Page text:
RSPB Cirl Bunting Reintroduction Project Update


This page contains 2 reader comments. Click here to view (latest Fri 29/10/10 20:49).

This year marked the fifth year of the Cirl Bunting Reintroduction Project — a joint venture between the RSPB, Paignton Zoo, the National Trust and Natural England to re-establish the Cirl Bunting in Cornwall.

Male Cirl Bunting feeding a newly fledged chick (photo: Stuart Croft).

The year saw a continued increase in the breeding population, which now stands at 16 pairs and, thanks to the generally fine summer weather, most pairs pursued two, or even three, breeding attempts. The result of all this activity was the fledging of a minimum of 39 juveniles. This is likely to be an underestimate as we take a hands-off approach to nest monitoring in order to reduce disturbance. Intensive monitoring of these breeding birds again revealed what complex lives they lead, with separations and re-pairings not uncommon. One particular male, who at over four years old is our oldest surviving male, paired with two different females. Perhaps he is starting to feel his age, as last year he chose three! His performance has become legendary in the Cirl world and no doubt his productivity will be what all others will be compared with for a very long time to come. Long may he continue!

Singing male Cirl Bunting (photo: Stuart Croft).

Another very good year of hand-rearing saw 70 of the intake of 76 chicks from Devon make it to release. All these birds are sourced from well-populated areas of Devon where the population has continued to increase in recent years. This success is in no small part due to the dedication and experience of our avicultural team who, with support from vets at the Zoological Society of London who provide advice and protocols on hand-rearing, continue to do a great job in what is a very specialist field. By the time each bird leaves the confines of its release aviary, it will be sporting a set of uniquely coloured rings, which enable us to monitor its progress in the 'outside' world. To date several have already ventured some way beyond where they were released to mix with their wild-bred conspecifics.

All Cirl Buntings released as part of the project carry a unique combination of colour rings (photo: Stuart Croft).

As the winter progresses, it is likely that several birds will continue to disperse further afield, seeking out their favoured foraging habitat of over-wintered, weed-rich stubbles and bird-seed mix crops. Many of these areas have been put in place through the continued support from local farmers. Their knowledge and enthusiasm for farmland wildlife has ensured that a diverse range of flora and fauna will benefit from suitable management. Some farmers have now been offered financial support from Natural England via agri-environment schemes for this work, and this will secure the future of Cirl Buntings in Cornwall.

Female Cirl Bunting (photo: Stuart Croft).

Over-winter survival is usually good, so it is hoped that the majority of the birds being seen now will make it through to pursue breeding attempts next spring and summer, the last year of captive-reared releases. However, the key to making this a successful reintroduction project will be when the Cornish population becomes self-sustaining. With an increasing proportion of the population now made up of birds actually born and bred in the county we are, hopefully, a step closer to this becoming a reality. We are, as always, indebted to the help and support we receive from the local community and the dedicated team of staff and volunteers who keep a close eye on the birds throughout the year.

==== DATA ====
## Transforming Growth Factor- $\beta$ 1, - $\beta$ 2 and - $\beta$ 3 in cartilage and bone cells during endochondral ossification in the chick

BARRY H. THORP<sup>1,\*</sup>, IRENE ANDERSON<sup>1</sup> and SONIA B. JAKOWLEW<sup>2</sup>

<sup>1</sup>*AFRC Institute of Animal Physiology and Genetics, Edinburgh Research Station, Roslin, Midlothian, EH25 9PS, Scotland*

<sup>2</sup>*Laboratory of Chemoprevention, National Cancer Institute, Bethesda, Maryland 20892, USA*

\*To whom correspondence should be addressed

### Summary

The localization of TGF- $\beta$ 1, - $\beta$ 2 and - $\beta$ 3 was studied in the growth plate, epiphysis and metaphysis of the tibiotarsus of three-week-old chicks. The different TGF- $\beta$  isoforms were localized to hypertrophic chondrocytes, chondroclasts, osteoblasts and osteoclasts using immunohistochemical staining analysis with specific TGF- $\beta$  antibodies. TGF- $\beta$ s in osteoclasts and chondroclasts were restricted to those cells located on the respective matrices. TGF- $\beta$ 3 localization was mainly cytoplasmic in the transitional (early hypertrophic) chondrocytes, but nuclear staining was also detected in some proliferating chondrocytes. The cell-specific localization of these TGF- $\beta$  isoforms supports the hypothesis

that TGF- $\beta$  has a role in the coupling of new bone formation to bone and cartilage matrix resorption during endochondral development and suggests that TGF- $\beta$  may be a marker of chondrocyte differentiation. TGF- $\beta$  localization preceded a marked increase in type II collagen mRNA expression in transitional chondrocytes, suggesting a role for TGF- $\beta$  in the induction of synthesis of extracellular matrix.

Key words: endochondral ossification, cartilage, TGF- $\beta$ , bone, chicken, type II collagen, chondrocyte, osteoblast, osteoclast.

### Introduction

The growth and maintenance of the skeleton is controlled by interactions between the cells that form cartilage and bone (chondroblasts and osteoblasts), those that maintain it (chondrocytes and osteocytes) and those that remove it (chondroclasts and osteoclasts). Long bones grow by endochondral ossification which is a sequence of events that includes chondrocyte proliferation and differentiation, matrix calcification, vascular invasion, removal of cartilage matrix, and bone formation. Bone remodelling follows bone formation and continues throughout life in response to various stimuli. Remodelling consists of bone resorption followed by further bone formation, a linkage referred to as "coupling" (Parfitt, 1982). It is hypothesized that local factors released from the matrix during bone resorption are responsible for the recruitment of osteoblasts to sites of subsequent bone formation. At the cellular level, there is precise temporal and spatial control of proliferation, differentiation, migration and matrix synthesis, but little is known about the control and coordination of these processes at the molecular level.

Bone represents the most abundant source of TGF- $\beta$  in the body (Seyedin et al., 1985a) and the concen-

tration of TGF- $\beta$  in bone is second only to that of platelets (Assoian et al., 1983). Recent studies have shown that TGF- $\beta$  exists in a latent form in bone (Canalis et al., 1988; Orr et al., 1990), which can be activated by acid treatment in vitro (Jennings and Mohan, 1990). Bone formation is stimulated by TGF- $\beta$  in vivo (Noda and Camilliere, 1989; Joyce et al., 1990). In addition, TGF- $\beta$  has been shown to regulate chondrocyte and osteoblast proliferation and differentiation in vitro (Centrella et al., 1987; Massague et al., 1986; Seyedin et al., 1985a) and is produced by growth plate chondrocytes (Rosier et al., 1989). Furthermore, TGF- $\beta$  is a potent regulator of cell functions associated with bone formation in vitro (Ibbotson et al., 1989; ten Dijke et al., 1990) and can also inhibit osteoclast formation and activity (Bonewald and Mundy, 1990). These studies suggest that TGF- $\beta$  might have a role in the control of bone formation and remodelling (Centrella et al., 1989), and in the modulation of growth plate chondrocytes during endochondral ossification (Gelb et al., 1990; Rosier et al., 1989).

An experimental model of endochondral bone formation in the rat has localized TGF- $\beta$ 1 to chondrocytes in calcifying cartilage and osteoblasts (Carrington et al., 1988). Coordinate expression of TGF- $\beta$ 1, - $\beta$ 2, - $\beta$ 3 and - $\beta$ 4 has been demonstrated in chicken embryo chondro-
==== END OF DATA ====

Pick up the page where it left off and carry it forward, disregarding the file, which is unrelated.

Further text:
Male Cirl Bunting (photo: Stuart Croft).

If anyone has any sightings, would like to commit to regular voluntary work, or simply wants more information, please feel free to contact me. Volunteers are a major resource for the RSPB and make a vital contribution to its aims to take action for the conservation of wild birds and the environment. On a project like this, we are looking for volunteers with good field identification skills and reasonable fitness who could commit to at least one day each fortnight, since it requires regular work to become familiar with the ring identification and the monitoring area. We also offer residential placements during winter.

Related pages

Cornwall Cornwall
Cirl Bunting Cirl Bunting

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The information in this article was believed correct at the time of writing. BirdGuides accepts no responsibility for errors, or for any consequences of acting on information in the article. The opinions expressed are those of the author(s) and are not necessarily shared by BirdGuides Ltd.

hide section Reader comments (2)

I still don't agree with these schemes. Why not divert resources to habitat creation and let the birds find their own way, like the cranes at Lakenheath did? I know cirl buntings are sedentry and this may be restricting natural spread, but that's for mother nature to take care of.
   Paul C, 22/10/10 18:29Report inappropriate post Report 
The Cirl Bunting is a flagship species - it encourages more funding and support from local farmers through agri-environment options to improve the bird's habitat [farmland]. This is going to help other wildlife in the process.
   Rob, 29/10/10 20:49Report inappropriate post Report 

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